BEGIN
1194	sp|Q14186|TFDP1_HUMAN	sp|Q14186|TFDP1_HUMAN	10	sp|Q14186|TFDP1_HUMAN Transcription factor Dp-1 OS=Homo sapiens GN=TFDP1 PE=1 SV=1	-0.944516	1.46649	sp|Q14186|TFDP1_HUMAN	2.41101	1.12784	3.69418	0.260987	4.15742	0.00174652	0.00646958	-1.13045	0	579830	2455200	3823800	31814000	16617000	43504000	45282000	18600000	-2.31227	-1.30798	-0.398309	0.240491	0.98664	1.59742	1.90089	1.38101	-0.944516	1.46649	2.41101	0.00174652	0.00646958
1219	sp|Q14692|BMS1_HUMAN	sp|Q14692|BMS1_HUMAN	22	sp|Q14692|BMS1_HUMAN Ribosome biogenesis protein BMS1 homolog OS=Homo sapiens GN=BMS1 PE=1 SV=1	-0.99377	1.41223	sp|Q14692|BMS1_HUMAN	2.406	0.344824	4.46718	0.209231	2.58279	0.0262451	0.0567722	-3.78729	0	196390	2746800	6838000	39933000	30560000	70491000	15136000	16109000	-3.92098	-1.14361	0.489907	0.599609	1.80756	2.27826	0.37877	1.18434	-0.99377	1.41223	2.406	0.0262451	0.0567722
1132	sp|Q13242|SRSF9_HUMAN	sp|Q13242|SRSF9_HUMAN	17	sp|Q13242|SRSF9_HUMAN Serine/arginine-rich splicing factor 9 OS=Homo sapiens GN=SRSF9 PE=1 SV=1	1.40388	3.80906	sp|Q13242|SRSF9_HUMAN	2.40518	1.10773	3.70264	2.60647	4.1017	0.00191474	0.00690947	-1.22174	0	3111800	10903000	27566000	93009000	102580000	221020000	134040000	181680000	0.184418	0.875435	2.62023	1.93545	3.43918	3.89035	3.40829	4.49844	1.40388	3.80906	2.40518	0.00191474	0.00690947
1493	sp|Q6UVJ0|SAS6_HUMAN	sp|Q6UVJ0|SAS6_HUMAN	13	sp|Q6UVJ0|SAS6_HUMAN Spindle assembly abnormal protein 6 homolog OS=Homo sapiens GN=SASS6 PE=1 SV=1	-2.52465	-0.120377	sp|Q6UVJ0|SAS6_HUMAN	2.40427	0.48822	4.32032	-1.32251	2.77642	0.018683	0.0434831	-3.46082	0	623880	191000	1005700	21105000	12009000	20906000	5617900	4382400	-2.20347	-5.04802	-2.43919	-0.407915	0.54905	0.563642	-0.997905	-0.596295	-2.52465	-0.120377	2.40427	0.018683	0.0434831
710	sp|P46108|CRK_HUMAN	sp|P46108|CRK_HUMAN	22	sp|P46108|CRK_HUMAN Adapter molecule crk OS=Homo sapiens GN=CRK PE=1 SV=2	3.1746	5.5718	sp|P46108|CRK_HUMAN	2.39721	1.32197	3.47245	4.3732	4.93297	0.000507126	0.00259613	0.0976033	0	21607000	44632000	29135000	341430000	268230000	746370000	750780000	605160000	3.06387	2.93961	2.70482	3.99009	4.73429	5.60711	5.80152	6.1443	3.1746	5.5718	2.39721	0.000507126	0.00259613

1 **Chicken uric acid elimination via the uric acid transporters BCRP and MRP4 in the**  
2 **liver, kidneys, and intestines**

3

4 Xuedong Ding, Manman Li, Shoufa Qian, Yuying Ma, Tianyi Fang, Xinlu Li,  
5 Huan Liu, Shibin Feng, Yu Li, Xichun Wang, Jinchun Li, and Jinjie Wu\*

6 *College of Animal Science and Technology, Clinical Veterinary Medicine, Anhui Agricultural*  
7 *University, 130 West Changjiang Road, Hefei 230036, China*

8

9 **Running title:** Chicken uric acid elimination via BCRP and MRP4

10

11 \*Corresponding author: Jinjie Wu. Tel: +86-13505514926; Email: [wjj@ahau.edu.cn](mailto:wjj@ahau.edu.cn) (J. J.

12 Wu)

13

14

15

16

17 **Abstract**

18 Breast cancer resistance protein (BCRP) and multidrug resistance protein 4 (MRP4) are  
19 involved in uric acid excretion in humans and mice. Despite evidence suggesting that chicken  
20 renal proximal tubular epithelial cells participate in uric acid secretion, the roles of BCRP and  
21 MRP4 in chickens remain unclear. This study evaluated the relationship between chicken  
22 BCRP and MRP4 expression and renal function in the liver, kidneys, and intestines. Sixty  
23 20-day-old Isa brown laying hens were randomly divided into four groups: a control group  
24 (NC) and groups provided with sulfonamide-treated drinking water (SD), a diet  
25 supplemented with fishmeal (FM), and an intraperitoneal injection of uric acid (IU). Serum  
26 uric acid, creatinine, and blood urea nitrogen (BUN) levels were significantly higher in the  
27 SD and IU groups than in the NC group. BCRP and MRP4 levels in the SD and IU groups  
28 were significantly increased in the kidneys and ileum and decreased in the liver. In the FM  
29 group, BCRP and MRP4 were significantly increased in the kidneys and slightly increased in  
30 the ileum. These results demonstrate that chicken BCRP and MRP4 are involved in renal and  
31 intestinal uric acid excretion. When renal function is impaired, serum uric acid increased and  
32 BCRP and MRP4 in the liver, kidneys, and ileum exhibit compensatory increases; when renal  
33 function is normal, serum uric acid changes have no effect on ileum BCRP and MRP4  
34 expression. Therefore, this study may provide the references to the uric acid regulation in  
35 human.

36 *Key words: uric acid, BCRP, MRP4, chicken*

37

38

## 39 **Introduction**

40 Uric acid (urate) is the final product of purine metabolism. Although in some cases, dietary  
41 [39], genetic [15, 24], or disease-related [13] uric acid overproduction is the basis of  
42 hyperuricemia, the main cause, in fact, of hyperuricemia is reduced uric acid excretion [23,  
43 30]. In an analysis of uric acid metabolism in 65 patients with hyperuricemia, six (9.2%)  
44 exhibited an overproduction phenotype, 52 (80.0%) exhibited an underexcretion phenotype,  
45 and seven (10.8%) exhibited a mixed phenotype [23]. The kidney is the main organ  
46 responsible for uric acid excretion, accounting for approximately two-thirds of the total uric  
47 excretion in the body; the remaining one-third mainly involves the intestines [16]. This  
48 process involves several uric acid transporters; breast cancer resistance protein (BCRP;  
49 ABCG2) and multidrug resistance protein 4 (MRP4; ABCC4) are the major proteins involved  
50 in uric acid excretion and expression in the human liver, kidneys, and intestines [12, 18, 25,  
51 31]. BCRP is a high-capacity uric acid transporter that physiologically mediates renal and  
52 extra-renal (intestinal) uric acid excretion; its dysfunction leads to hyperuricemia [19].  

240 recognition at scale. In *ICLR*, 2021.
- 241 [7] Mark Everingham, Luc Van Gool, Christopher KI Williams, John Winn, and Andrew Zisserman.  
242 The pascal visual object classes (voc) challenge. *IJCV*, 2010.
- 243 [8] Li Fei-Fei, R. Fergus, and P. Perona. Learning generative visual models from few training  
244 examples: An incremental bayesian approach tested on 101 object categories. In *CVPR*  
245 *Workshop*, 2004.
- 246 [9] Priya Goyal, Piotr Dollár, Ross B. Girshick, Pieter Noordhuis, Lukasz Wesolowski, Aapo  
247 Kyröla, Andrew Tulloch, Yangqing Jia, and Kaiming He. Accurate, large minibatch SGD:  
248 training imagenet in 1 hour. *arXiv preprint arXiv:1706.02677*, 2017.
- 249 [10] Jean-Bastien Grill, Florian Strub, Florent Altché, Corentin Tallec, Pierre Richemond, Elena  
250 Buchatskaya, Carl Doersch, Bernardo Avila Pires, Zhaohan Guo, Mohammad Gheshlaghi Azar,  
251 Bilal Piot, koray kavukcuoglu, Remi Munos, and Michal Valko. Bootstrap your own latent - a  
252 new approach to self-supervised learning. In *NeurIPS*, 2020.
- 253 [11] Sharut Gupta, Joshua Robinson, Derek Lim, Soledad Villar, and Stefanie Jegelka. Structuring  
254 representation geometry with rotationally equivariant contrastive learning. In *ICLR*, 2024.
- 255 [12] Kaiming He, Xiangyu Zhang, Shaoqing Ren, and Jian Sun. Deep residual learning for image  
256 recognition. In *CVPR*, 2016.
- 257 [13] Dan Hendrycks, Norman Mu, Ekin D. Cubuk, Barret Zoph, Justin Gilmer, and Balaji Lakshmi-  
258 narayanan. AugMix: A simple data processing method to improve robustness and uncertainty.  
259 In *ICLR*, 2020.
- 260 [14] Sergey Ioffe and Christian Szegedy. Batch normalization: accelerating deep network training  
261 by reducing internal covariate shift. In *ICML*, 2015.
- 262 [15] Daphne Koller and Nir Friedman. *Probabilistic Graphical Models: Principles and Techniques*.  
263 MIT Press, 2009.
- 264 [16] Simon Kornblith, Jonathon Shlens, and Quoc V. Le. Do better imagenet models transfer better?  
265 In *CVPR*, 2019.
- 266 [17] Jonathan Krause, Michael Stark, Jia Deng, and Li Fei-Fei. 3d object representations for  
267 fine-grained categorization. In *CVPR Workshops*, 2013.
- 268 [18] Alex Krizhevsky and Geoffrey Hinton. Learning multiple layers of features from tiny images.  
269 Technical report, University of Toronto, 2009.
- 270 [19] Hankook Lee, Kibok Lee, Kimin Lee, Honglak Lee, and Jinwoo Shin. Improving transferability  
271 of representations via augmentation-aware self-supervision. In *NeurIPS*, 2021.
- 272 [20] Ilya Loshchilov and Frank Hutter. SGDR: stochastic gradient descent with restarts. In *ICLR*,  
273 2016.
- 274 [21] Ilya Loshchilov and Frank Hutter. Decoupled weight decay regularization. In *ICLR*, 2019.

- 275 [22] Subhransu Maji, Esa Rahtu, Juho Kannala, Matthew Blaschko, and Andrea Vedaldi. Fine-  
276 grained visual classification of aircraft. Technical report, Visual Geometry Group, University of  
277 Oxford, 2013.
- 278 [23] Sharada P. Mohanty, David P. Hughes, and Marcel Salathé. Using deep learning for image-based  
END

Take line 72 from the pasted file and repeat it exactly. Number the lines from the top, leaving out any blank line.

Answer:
254 representation geometry with rotationally equivariant contrastive learning. In *ICLR*, 2024.